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I’ve been skeptical whether we can re-make Maliki’s coalition, but the effort seems to be continuing apace according to this story in the Times:

The Americans, frustrated with Mr. Maliki’s political dependence on Mr. Sadr, appear to be working hard to help build the new coalition. President Bush met last week in the White House with Abdul Aziz al-Hakim, the leader of the Iranian-backed Shiite party, and is to meet on Tuesday with Tariq al-Hashemi, leader of the Sunni Arab party. In late November, Mr. Bush and his top aides met with leaders from Sunni countries in the Middle East to urge them to press moderate Sunni Arab Iraqis to support Mr. Maliki.

The White House visits by Mr. Hakim and Mr. Hashemi are directly related to their effort to form a new alliance, a senior Iraqi official said.

This could mean a military confrontation with Sadr is on the way:

Though it is unclear whether Mr. Sadr has total control over his militia, if he thinks he is being marginalized within the government, he could ignite another rebellion like the two he led in 2004.

Some senior American commanders say that the efforts to make peace with Mr. Sadr through politics may have failed, and that a military assault on Sadr strongholds may be inevitable.

If that happens, Sadr’s fighters would be killed in the hundreds and perhaps thousands, and we might finally kill him too this time.

Meanwhile, at the White House Bush got advice from military experts:

The group disagreed on the key issue of whether to send more troops to Iraq, with retired Gen. John M. Keane arguing that several thousand additional soldiers could be used to improve security in Baghdad, and others expressing doubt about that proposal, according to sources at the meeting. But the five agreed in telling Bush that the Army and Marine Corps both need to be bigger, and also need bigger budgets.

The group suggested the president shake up his national security team. “All of us said they have failed, that you need a new team,” said one participant. That recommendation is likely to fuel Pentagon rumors that Bush and his new defense secretary, Robert M. Gates, may decide to replace Marine Gen. Peter Pace as chairman of the Joint Chiefs of Staff

Also, the military is considering a jobs program in Iraq that is long over-due. I remember a friend of mine telling me right after the invasion that he would have had sound trucks driving through the streets saying “everyone works today” as part of a Depression era-style jobs program. In any case, Caterpillar deserves praise for this:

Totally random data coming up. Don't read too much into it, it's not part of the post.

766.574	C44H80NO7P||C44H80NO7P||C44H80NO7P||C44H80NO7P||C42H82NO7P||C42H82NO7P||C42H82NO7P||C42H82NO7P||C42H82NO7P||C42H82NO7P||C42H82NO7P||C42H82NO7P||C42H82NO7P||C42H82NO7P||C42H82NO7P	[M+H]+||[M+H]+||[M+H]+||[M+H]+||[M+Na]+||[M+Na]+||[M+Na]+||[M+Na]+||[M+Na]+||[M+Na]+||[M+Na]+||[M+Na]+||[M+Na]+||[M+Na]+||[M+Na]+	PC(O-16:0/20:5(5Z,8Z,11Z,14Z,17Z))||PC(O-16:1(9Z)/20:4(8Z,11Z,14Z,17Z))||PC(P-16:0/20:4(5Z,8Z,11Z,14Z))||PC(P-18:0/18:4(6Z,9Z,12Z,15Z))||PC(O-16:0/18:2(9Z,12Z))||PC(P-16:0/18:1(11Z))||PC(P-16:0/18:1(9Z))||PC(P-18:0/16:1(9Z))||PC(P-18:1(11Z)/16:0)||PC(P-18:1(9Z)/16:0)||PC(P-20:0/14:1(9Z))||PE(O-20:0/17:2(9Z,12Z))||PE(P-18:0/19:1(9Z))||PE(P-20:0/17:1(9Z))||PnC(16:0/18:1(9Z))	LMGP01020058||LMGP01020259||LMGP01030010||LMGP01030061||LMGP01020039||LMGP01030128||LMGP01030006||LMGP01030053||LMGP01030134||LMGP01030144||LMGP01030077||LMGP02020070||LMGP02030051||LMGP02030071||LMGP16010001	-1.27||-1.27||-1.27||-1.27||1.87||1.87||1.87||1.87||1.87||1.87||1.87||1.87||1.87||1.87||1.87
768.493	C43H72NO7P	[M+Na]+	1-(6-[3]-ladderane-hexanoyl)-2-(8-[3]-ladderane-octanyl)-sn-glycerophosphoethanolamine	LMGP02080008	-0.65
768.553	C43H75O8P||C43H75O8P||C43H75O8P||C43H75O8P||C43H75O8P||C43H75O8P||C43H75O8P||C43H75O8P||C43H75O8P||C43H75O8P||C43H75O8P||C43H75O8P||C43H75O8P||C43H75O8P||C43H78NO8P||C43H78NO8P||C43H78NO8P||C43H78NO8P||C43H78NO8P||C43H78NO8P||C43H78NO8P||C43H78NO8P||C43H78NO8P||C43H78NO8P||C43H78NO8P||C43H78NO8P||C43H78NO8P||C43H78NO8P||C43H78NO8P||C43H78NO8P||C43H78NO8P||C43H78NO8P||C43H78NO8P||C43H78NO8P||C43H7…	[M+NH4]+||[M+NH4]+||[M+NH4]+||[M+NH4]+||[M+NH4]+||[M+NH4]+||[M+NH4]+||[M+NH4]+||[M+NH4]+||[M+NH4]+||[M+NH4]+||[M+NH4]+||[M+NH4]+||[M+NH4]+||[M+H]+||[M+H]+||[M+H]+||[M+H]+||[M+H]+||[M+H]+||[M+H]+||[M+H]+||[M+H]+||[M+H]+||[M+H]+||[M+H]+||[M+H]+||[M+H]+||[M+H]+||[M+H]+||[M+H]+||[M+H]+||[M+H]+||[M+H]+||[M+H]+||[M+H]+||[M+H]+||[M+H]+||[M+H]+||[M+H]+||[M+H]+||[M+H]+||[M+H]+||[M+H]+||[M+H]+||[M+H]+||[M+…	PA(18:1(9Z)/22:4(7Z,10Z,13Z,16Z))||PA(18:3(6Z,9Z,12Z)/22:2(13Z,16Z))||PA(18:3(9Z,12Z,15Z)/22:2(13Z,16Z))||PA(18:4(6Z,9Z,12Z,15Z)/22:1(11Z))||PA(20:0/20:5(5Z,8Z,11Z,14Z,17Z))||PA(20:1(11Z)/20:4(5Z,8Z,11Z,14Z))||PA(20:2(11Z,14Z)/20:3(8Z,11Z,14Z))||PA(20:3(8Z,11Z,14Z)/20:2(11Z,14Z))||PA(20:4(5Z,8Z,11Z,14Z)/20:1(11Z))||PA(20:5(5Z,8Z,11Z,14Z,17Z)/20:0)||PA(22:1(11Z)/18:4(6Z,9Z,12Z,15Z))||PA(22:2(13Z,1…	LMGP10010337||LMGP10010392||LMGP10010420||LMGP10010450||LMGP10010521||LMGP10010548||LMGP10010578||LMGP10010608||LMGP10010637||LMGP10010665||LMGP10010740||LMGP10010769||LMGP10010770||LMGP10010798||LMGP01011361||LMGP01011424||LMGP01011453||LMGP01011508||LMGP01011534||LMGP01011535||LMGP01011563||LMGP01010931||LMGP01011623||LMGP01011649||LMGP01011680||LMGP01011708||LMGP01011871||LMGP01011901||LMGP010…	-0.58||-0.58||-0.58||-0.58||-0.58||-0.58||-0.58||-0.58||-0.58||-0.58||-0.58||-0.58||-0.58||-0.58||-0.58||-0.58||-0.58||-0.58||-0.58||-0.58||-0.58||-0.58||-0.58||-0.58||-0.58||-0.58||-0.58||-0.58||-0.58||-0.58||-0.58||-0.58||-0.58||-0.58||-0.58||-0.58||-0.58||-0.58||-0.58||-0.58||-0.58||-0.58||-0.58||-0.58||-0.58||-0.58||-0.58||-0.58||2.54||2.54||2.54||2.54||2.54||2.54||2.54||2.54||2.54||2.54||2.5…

Caterpillar Inc., a $36 billion construction equipment firm, is one of the first U.S. companies to show interest. Gerald L. Shaheen, a Caterpillar group president and chairman of the U.S. Chamber of Commerce, said he probably would be looking for low-tech supplies, such as hinges, but said the program dovetails with the company’s interest in expanding opportunities in the Middle East.

“But I can’t look at this solely as a business proposition. I’ve already got suppliers,” Shaheen said. “I’m doing this because I think there’s a social responsibility not only to the Iraqi people but to our troops.”

Finally, this bit in a Times story from over the weekend on a spasm of ethnic cleansing is straight out of the Balkans wars:

Sayed Muhammad described the aim of the Shiite attacks on Saturday as creating a Sunni-free corridor across northern Baghdad that would run from the Shula district on the city’s northwestern edge to Kadhimiya, a Shiite stronghold on the west bank of the Tigris river. The main area of Shiite strength in the capital lies on the east bank of the Tigris, principally in Sadr City, home to about 2.5 million Shiites, about 40 per cent of Baghdad’s population.

“It’s part of a much wider plan,” the cleric said. “What we’re experiencing here is the Shiite groundwork for a civil war.”



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